The duct tape found near Smith's body came from a roll found in the garage of the residence that was also used to wrap the bags containing the jewelry discovered in defendant's car. Forensic testing found defendant's DNA profile on samples taken from the log roller, one of the burned matchsticks, and the duct tape next to the victim's body, plus the duct tape used to wrap the jewelry found in his car.

The police discovered a neighbor's tool box adjacent to the wall separating the neighbor's yard from the Smiths' residence, but an officer noted there was no disturbance of any dust or debris that would suggest a person had stood on the tool box or climbed over the wall. Nor could the officer find any indication someone had traversed the yard from the block wall to the kitchen window. The police did not observe foot prints in the planter outside the kitchen window and the screen removed from it was resting where it would have been in the way if a burglar attempted to leave the residence by that route. There was no scuffing on the window sill. The ceramic vase lying on the floor below the window was not damaged.

The drawers removed from furniture had been neatly stacked and the contents of some drawers did not appear to have been disturbed. Although the master bathroom was ransacked, the police found a gun, an item considered to have "a high street value," in one of the drawers. Neither a second 6-foot tall safe located in the garage that contained both several guns and a 12-inch high stack of $2 bills, nor wrapped Christmas gifts kept in a downstairs bedroom had been disturbed.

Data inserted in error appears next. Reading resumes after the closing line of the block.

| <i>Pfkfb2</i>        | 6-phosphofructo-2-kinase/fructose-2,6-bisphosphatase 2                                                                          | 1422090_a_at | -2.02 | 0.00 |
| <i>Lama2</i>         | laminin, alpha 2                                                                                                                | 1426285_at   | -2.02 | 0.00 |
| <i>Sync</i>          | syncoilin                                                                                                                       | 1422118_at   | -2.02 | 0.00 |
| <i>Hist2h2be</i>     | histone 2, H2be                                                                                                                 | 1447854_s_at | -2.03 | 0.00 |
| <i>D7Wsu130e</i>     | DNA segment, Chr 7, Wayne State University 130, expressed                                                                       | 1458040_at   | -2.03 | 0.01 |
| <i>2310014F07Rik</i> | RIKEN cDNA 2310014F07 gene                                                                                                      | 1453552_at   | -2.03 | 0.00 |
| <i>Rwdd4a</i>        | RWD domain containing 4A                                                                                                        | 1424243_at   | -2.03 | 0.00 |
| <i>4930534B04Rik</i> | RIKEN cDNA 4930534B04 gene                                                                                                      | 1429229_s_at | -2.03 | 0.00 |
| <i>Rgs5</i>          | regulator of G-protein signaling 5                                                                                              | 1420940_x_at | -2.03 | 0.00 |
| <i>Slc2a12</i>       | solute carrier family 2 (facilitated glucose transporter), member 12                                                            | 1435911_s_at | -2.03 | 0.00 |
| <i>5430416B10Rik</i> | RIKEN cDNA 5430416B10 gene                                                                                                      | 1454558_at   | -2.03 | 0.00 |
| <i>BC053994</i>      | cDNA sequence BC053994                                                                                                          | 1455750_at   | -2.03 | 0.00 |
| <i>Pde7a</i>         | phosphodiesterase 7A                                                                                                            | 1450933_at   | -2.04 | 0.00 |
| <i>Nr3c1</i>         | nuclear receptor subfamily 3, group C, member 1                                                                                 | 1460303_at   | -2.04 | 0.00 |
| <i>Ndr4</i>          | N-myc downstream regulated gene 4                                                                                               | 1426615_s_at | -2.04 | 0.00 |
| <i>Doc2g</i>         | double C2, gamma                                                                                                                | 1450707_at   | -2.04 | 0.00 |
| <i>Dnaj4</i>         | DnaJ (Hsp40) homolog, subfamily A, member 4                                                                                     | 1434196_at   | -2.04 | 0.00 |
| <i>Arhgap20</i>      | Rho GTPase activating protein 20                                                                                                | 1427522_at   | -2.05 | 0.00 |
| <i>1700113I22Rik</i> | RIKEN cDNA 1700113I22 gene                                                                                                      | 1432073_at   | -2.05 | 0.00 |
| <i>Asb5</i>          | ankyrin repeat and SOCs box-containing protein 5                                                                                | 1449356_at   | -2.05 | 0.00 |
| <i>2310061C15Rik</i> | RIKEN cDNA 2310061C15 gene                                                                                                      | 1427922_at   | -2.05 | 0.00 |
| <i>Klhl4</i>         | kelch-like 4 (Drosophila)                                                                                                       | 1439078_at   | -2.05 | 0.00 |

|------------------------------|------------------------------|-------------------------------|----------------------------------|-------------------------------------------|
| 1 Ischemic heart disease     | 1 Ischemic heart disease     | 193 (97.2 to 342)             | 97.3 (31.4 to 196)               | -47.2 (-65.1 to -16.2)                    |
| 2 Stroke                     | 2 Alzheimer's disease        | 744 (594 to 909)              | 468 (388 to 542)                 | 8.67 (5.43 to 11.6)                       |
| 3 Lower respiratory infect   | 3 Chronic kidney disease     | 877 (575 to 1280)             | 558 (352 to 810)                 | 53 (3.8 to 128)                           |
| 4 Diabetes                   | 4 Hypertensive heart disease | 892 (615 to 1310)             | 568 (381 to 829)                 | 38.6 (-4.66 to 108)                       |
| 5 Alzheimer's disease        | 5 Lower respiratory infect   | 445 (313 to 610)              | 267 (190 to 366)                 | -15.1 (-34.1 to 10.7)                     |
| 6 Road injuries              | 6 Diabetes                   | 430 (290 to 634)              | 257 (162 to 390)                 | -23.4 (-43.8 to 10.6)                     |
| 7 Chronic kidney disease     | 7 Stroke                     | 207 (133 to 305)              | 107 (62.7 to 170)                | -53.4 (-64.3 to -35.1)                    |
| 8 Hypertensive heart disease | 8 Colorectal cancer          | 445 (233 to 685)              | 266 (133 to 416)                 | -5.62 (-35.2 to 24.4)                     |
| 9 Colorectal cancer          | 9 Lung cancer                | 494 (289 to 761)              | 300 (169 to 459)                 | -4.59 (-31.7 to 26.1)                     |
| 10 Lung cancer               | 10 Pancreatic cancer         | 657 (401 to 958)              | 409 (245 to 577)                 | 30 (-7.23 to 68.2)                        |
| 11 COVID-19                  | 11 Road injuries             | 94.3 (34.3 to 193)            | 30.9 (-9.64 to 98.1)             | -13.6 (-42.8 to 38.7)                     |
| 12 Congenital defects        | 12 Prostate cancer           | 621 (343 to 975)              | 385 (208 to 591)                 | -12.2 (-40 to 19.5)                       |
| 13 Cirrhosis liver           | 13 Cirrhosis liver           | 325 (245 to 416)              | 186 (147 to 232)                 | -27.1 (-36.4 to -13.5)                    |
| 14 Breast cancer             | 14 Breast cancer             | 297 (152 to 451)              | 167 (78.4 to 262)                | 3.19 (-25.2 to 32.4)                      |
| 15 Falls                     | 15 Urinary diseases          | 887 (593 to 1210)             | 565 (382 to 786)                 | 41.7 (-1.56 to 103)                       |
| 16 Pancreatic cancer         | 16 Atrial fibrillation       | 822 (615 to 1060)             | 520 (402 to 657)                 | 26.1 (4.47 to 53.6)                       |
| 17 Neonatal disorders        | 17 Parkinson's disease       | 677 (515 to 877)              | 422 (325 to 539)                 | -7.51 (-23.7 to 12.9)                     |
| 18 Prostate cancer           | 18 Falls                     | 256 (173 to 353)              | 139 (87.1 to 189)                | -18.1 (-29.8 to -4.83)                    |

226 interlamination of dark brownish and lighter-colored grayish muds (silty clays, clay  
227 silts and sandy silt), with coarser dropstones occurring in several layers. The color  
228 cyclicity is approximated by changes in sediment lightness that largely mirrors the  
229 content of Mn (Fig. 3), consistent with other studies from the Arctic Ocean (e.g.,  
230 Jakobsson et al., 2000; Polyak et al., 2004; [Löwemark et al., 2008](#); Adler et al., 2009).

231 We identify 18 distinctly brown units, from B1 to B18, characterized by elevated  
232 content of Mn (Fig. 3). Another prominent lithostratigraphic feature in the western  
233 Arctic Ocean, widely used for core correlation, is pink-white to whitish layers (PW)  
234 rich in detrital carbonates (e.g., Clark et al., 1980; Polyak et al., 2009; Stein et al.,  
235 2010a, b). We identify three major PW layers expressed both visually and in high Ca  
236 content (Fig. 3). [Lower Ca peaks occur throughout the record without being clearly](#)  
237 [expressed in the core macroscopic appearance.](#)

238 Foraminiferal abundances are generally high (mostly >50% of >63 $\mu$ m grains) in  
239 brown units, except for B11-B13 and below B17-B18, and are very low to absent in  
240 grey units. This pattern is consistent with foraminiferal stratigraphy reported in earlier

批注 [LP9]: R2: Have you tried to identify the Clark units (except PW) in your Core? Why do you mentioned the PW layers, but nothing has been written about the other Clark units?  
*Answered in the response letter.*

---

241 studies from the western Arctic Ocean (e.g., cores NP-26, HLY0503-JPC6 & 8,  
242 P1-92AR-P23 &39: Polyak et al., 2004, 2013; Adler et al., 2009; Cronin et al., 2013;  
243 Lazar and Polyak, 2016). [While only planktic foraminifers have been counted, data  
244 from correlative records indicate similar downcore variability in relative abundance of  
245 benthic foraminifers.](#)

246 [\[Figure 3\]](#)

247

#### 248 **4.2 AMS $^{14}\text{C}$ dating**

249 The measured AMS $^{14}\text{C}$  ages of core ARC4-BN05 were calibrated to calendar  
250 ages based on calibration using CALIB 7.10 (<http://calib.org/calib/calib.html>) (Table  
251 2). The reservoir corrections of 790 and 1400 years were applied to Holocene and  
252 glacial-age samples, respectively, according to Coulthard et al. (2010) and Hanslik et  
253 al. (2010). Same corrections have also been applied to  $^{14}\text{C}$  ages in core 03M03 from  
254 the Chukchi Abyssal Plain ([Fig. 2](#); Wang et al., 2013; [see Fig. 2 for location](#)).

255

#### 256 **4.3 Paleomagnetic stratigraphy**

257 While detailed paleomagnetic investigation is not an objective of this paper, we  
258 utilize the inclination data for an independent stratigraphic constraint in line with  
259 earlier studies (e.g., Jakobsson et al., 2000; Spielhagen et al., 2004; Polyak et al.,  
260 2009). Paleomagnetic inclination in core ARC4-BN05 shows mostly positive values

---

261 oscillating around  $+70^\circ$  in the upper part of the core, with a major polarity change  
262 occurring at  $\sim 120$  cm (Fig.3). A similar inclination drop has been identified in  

Defendant made inconsistent statements. He told the police he entered the house through the front door and believed his wife was not home, in part, because the front sunshade screen, which she usually kept in the up position, was down. Thomas testified defendant's practice was to enter the house through the garage where the police found Smith's car. The police officers dispatched to the home in response to the 911 call testified the screen was up when they arrived. Defendant also claimed he could not find the switch to raise the sunshade screen. One officer participating in the crime scene investigation testified the sunshade screen switch glowed in the dark. When questioned by the police on the night of December 15, defendant said he and his wife never locked the floor safe in the master bedroom closet. During the subsequent walk-through defendant claimed his wife kept the floor safe locked and denied he knew the combination to it.